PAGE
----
Every citizen who meets the qualifications enumerated in Article I, sections 2 and 3 of the Constitution could become a candidate by filling out a simple application form. This application can be automatically done during voter registration. Every registered person will have an equal chance of becoming a member of Congress. The election or selection can be conducted by mechanical devises or computers with sufficient security and supervision.
Yuskel’s paper is interesting for going beyond complaints about the ills of the existing electoral system and beyond proposing sortition as an alternative. The paper first makes a brief but fairly insightful and principled analysis of the causes of the problems and the likely ineffectiveness of commonly offered reforms. Then, the advantages of sortition over the current system are enumerated, and some objections are considered.
Yuskel points at the inherent weakness of campaign finance reform proposals:
[The] proposed model, which argues for a mandatory campaign finance system in which each voter supports his or her favorite candidates by vouchers, ignores the fact that those candidates with more money or celebrity will eventually have more media coverage and name recognition and thus, will most likely receive more “coupons.”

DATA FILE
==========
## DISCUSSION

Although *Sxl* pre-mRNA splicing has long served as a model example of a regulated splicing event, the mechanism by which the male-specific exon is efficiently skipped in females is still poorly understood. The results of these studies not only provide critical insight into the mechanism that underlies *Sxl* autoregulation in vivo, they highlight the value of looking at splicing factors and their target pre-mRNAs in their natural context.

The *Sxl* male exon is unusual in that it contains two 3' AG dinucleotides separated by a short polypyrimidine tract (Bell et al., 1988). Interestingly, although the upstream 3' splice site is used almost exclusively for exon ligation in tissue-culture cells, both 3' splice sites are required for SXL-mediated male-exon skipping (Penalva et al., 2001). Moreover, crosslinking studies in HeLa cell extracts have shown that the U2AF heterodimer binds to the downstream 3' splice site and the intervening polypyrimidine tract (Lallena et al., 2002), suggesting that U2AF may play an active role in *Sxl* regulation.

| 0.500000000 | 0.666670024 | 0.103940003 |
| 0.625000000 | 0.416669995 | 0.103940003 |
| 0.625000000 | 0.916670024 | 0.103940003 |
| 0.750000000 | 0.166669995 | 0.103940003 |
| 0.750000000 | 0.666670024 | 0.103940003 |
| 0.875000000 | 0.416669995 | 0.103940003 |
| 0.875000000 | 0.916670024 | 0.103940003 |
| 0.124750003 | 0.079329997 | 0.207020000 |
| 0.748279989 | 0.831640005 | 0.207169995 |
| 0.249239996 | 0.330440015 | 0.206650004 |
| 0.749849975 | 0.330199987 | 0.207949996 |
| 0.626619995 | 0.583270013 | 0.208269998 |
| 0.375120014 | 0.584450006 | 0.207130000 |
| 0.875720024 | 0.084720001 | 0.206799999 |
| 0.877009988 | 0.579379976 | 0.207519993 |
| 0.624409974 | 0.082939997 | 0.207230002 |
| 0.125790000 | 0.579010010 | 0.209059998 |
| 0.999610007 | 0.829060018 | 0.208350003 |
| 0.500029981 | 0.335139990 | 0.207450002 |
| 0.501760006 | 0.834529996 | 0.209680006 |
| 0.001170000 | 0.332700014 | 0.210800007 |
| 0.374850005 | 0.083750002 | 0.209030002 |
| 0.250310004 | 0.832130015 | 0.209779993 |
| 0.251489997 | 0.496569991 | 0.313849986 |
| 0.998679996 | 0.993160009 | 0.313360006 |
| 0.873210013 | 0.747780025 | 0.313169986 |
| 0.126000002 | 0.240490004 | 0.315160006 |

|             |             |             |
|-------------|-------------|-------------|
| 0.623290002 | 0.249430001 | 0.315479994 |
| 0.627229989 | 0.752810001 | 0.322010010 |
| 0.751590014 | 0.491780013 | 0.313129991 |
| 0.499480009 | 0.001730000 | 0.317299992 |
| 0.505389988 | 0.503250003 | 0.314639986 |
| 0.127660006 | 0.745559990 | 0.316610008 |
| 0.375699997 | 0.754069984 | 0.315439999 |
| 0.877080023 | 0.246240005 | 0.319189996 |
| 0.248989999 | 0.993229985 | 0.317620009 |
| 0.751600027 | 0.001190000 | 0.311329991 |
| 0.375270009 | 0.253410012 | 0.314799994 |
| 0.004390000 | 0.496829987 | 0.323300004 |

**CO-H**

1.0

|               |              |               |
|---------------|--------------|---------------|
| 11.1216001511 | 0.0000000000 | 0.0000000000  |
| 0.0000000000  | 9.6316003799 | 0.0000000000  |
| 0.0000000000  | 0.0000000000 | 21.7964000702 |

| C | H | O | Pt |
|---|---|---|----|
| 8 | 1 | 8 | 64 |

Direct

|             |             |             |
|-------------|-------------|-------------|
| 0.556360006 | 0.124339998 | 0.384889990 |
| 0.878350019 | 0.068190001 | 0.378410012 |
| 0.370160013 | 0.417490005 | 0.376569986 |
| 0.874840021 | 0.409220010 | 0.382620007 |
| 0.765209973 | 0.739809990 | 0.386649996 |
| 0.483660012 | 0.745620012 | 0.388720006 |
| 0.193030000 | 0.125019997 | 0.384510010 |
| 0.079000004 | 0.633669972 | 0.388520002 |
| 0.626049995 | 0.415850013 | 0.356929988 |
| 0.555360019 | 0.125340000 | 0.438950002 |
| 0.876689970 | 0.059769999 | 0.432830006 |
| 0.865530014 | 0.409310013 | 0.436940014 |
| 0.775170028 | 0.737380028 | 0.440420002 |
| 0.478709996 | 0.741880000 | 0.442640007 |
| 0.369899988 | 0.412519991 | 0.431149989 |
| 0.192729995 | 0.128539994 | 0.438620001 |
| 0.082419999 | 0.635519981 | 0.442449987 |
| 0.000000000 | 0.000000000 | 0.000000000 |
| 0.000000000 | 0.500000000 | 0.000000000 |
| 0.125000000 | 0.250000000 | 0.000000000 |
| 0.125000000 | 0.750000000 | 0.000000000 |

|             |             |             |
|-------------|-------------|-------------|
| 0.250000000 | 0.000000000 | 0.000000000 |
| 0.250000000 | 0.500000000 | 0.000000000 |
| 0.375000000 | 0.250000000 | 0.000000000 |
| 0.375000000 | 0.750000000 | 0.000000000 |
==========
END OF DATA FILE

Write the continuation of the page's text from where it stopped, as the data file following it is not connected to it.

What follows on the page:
Similarly, he makes the point that the clichéd proposals for techno-electoral systems and techno-participative systems do not address fundamental cognitive barriers:
[F]ew citizens have the luxury of time and talent to find useful political information in the jungle of Internet. If elections were heavily dependent on this source, the clutter in related web sites would discourage even me, an experienced netsurfer[,]
Even if we ignore the economic and social cost of direct participation, however, it is susceptible to becoming a power base for only those who have time on their hands, such as the elderly.
Among the objections considered are the corrupting effects of empowerment, statistical inaccuracies, and the reliability of the sampling procedure. Yuskel makes concise presentations of both the objections and some counter-arguments.
Interestingly, Yuskel mentions Amar’s “lottery voting” papers, but seems unaware of proposals that are closer to his own, such as that of Callenbach and Phillips, which I believe is essentially identical to the one proposed in the paper.